The Apsotle Paul while broadly discussing the place of Israel in God's plan of salvation in the letter to the Romans, employs the concept of election and reprobation, the idea that God chooses some and condemns others. ("Jacob I have loved, but Esau I have hated" Rom 9:13) A concept reflected throughout the entire biblical narrative of Israel from Abraham to Nehemiah. Even the exceptions such as the story of Jonah only serve to highlight the dominate theme of predestination, God choosing a particular people for his particular purposes, while the pagan gentile nations are condemned. God can choose but does he condemn? In the letter from Jude, it mentions those "who were designated for this condemnation" (Jude 4).
There could also be tangents about the place of free-will but that's more of a discussion in the context of God's sovereignty. Anyway, predestination is the natural corollary of God's sovereignty. Also elsewhere some have argued that election is corporate. But Scripture slips deliberately and frequently between the corporate and the individual, so it's saying to little to say God only predestines a group of people.
I choose the hand writing symbol to echo the image of God having the names of those people he'd chose to save in the "book of life" (Rev 20:15). The entire blue box represents that predestination is a plan, it's the way God has decided Salvation will play out.
My visual Ordo Salutis, is a work in progress, for example in the slide above I still have an envelope but I'm merging the 'deposit of the Holy Spirit' with 'Regeneration.' The original slide show, showing how these doctrines unfold and relate to each other is at the Ordo Salutis tab on the top of the page.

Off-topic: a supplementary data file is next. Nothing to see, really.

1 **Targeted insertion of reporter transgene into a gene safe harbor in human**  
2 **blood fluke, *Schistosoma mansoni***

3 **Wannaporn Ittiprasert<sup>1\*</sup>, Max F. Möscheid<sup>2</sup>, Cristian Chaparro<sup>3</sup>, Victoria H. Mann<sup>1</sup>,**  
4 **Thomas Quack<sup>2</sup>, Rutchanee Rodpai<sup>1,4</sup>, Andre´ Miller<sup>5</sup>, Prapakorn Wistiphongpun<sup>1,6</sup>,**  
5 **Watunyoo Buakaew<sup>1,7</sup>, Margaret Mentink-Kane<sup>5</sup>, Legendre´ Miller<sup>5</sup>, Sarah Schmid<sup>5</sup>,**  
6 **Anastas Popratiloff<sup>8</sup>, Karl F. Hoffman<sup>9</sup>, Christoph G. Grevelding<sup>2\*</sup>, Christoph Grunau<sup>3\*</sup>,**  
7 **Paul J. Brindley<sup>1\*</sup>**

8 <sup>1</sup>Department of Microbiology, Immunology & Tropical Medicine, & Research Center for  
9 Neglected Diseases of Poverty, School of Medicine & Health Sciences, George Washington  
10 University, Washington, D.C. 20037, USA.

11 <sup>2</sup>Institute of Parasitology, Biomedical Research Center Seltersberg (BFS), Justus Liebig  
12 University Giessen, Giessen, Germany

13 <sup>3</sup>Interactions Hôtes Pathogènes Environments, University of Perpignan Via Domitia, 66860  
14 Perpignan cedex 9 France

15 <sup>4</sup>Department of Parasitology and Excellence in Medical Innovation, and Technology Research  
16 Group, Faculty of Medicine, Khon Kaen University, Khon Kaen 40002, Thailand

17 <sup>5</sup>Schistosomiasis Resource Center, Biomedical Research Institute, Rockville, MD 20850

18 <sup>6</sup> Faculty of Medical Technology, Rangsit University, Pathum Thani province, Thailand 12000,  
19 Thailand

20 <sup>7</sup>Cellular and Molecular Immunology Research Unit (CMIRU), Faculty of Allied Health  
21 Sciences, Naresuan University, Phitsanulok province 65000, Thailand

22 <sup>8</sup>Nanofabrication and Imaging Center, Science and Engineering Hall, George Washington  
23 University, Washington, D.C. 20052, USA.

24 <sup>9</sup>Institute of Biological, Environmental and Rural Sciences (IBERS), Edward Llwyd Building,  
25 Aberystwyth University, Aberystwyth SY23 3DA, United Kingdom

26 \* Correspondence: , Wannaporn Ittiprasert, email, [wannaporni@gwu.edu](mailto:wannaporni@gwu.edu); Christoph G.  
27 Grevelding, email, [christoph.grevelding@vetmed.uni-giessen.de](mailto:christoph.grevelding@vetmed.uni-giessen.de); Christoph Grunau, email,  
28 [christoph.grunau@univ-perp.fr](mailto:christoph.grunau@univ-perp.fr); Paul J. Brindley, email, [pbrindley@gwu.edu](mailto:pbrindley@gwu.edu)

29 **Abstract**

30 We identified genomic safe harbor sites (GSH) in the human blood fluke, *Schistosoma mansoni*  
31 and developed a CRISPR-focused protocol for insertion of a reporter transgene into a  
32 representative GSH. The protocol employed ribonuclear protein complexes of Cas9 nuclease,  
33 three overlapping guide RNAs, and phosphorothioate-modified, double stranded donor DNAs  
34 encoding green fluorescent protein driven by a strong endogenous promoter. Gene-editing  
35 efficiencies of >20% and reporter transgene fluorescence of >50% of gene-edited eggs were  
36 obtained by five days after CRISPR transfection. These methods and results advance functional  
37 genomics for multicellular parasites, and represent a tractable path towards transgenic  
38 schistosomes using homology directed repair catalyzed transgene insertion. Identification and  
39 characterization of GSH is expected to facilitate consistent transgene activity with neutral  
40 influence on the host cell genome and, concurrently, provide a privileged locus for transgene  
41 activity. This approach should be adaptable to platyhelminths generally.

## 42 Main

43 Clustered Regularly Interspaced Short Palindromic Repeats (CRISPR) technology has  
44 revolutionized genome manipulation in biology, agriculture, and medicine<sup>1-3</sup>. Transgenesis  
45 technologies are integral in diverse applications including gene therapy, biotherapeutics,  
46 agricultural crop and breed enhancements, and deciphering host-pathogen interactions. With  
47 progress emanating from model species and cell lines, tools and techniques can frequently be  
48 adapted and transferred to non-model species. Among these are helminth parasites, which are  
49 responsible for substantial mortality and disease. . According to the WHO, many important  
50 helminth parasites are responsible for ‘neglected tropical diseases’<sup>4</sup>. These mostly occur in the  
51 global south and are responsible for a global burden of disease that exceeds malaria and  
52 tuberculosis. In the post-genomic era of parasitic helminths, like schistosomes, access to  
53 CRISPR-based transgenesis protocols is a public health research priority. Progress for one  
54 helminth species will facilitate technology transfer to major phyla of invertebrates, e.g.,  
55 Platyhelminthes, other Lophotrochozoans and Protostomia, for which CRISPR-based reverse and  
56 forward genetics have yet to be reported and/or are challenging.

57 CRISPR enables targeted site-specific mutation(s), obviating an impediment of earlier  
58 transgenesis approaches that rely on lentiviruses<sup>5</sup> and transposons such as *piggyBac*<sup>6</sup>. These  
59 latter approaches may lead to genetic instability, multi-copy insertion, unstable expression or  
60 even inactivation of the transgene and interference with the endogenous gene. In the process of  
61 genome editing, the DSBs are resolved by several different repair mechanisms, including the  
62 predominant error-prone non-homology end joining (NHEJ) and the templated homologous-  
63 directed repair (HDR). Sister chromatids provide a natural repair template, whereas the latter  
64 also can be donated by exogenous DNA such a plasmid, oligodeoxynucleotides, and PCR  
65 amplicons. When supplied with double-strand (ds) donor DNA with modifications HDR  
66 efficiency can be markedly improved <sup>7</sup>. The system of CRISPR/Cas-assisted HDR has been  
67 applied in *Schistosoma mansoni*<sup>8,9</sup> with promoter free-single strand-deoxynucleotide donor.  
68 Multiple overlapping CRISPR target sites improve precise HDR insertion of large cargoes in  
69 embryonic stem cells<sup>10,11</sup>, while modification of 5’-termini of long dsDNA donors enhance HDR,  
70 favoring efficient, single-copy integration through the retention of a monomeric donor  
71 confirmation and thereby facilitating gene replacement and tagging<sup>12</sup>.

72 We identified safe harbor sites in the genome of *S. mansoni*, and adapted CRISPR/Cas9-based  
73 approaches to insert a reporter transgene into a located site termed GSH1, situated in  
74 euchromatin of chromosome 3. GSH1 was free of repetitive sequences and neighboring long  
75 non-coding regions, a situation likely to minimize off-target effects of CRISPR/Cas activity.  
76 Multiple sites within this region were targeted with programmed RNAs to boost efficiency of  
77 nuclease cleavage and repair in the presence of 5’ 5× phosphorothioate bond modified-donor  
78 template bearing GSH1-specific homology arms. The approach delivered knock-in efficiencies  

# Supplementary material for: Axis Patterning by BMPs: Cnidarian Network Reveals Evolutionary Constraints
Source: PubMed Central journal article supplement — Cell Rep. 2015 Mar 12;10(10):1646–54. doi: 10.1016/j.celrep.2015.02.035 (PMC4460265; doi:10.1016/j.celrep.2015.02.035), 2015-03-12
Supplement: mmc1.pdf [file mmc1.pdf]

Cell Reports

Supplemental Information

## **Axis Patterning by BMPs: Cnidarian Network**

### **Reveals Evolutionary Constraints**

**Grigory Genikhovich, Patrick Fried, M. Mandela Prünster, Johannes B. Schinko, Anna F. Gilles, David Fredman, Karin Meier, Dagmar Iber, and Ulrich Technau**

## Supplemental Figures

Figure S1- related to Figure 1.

All God's decrees, even election and reprobation, are made visible to us in the progress of history. They are, however, rooted in God's eternal foreknowledge and foreordination, which stands forever and will come to pass. While Romans 9 most certainly speaks of God's action in time, the ground for action lies outside of time, in the will and good pleasure of God alone. (Reformed Dogmatics: God and Creation, 337)
Augustine (In Psalmum 31 and 33) compares the human will to a horse preparing to start, and God and the devil to riders. "If God mounts, he, like a temperate and skillful rider, guides it calmly, urges it when too slow, reins it in when too fat, curbs its forwardness and over action, checks its bad temper, and keeps it on the proper course; but if the devil has seized the saddle, like an ignorant and rash rider, he hurries it over broken ground, drives into ditches, dashes it over precipices, spurs it into obstinacy or fury." With this simile, since a better does not occur, we shall for the present be contended. Those whom the Lord favors not with the direction of his Spirit, he, by a righteous judgement, consigns to the agency of Satan. (The Institutes of the Christian Religion, 191)